How to Grow Adorable (And Superhealthy) Cucamelons

How to Grow Adorable (And Superhealthy) Cucamelons

They look like miniature watermelons, but they’re not. They taste like a mix of cucumber and lime, but they’re neither one of those. They’re Melothria scabra, otherwise known as cucamelons.

Native to Mexico and Central America, cucamelon is a type of vine that packs a lot of taste in its grape-size fruit. Besides being delicious, cucamelons are also chockfull of vitamins and minerals. What’s even better is that you can grow them in your own garden and enjoy their unique taste and health benefits all summer long.

Growing cucamelons in your garden

Cucamelons may look delicate but they’re surprisingly easy to grow. While ideal conditions for the cucamelon are hot weather, plenty of sun, and temperatures above 50 degrees Fahrenheit, this is a resilient plant that can grow in almost any region.

It’s best to start the process of growing cucamelons around April or May. You should first sow the seeds in a container or a pot and give them around 4 weeks to develop. Leave the container outside during the day, but don’t forget to bring it back inside the house overnight to protect them from spring frost. Once the night temperatures start to rise, you can plant the seeds in the ground outside.

After you plant them in soil, it will take between 1-2 weeks for cucamelons to germinate. Make sure you set up a trellis panel or a cage so the plant can climb once it starts growing. Cucamelons should be watered once a week, but if the weather gets very hot and dry, you can increase your watering to twice a week.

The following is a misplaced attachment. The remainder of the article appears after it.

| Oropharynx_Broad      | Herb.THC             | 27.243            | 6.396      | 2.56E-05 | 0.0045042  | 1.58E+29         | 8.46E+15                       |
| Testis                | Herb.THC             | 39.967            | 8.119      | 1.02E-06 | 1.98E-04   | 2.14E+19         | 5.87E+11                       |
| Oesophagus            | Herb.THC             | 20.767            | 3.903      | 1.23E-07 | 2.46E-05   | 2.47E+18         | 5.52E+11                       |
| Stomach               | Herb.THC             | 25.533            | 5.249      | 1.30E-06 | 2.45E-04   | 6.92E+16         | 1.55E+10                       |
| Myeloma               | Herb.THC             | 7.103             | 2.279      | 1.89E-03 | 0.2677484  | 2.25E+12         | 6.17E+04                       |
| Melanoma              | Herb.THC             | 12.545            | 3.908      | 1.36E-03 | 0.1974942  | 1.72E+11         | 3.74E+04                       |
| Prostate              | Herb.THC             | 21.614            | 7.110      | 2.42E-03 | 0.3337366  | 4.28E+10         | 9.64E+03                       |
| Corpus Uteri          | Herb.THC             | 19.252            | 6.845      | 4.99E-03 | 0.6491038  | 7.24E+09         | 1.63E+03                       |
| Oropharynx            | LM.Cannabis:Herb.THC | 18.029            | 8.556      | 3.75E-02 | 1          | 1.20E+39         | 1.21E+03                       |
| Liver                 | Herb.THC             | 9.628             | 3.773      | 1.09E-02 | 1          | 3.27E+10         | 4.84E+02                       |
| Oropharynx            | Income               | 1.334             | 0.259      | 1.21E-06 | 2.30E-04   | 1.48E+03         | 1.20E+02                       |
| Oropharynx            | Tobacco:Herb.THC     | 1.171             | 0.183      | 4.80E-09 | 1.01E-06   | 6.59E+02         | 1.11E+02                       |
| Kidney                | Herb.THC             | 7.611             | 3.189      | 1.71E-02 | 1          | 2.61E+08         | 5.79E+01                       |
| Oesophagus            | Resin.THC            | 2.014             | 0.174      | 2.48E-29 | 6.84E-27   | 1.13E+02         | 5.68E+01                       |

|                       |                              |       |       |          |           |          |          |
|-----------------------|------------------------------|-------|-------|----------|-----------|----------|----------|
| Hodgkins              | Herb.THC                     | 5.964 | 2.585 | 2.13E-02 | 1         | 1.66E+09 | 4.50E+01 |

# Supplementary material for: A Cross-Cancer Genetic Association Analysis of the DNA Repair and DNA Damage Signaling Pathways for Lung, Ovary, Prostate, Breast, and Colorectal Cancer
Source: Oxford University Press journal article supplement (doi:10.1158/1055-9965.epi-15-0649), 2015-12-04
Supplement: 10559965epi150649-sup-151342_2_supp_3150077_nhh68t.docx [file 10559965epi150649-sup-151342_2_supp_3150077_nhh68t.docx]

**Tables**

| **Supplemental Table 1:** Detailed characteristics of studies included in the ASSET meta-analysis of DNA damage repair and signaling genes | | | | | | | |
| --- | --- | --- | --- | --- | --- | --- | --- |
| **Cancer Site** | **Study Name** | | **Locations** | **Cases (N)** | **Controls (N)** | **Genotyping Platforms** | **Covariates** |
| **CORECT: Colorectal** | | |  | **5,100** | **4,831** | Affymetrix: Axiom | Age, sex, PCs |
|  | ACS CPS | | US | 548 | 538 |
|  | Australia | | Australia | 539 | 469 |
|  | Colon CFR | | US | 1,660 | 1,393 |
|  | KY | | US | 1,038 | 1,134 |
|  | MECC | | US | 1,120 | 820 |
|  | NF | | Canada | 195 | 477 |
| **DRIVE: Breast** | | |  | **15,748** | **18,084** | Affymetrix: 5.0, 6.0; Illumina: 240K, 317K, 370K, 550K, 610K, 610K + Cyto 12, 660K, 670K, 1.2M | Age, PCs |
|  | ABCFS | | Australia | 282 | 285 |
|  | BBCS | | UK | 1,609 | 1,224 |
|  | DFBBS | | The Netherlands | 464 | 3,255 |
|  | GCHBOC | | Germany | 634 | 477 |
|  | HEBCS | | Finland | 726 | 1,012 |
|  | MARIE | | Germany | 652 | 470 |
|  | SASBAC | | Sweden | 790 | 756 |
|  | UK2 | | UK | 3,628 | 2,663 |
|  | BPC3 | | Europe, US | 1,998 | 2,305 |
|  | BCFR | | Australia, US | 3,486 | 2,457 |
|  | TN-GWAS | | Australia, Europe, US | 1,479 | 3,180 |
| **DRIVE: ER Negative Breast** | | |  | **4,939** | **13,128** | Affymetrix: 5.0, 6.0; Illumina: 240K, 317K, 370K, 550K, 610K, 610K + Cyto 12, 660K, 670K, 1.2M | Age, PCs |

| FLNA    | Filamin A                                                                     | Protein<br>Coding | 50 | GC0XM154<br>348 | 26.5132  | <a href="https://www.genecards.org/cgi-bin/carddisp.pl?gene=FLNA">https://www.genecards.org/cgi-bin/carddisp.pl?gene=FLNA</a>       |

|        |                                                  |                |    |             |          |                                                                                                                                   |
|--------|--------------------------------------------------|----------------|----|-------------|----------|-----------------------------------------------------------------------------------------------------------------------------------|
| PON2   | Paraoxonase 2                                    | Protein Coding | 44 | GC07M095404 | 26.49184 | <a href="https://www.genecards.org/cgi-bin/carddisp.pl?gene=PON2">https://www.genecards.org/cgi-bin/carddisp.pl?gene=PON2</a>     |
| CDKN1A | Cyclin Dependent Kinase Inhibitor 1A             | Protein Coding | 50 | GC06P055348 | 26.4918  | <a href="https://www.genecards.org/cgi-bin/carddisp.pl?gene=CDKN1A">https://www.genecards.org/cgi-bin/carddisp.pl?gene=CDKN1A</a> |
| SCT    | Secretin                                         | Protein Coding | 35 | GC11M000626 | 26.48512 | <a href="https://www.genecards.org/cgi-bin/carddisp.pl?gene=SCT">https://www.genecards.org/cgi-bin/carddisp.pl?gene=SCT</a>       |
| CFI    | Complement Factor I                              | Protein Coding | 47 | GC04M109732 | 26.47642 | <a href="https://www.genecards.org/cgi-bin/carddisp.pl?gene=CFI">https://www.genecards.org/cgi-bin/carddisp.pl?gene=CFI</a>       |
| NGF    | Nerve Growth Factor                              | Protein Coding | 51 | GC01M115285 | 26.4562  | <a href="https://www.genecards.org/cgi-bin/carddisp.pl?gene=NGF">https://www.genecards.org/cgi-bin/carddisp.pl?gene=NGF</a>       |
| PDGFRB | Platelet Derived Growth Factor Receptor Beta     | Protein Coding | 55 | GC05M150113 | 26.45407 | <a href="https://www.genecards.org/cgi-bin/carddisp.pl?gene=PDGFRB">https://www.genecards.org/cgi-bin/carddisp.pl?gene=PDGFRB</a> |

Cucamelons are a very hardy species and are surprisingly good at resisting pests, drought, and mildew. They’re slow growers, so be patient and wait for the fruit to ripen before you pick it. Cucamelon fruits are ready to be harvested once they’re the size of grapes and firm to touch.

Health benefits of cucamelon fruit

Despite being low in calories, cucamelons are very filling due to their high fiber content. This means they make a perfect guilt-free snack.

This miniature fruit is packed with vitamins, minerals, antioxidants. The fruit contains significant amounts of lycopene and beta-carotene, two antioxidants necessary for optimal health.

While lycopene is not an essential nutrient, it protects the heart against cardiovascular diseases and lowers the risk of diabetes, Alzheimer’s disease, and certain types of cancer. Beta-carotene, on the other hand, is a provitamin that is converted into Vitamin A in the body. Vitamin A reduces the risk of cataracts, promotes skin and hair regeneration, and keeps the immune system healthy.

Cooking with cucamelons

Cucamelons may be miniature size, but there’s plenty you can do with this adorable fruit. You can chop them up and add them to your salad or salsa. Because of their tangy taste, cucamelons will give an instant dose of flavor to a boring bowl of greens.

If you’re a martini drinker, you can use cucamelons instead of olives to garnish your cocktail. They look and taste completely different from olives, so using them is a great way to wow your friends at dinner parties.

Finally, you can simply eat cucamelons as Nature intended. You don’t have to remove the peel, just wash them under running water and enjoy this refreshing snack all summer long.


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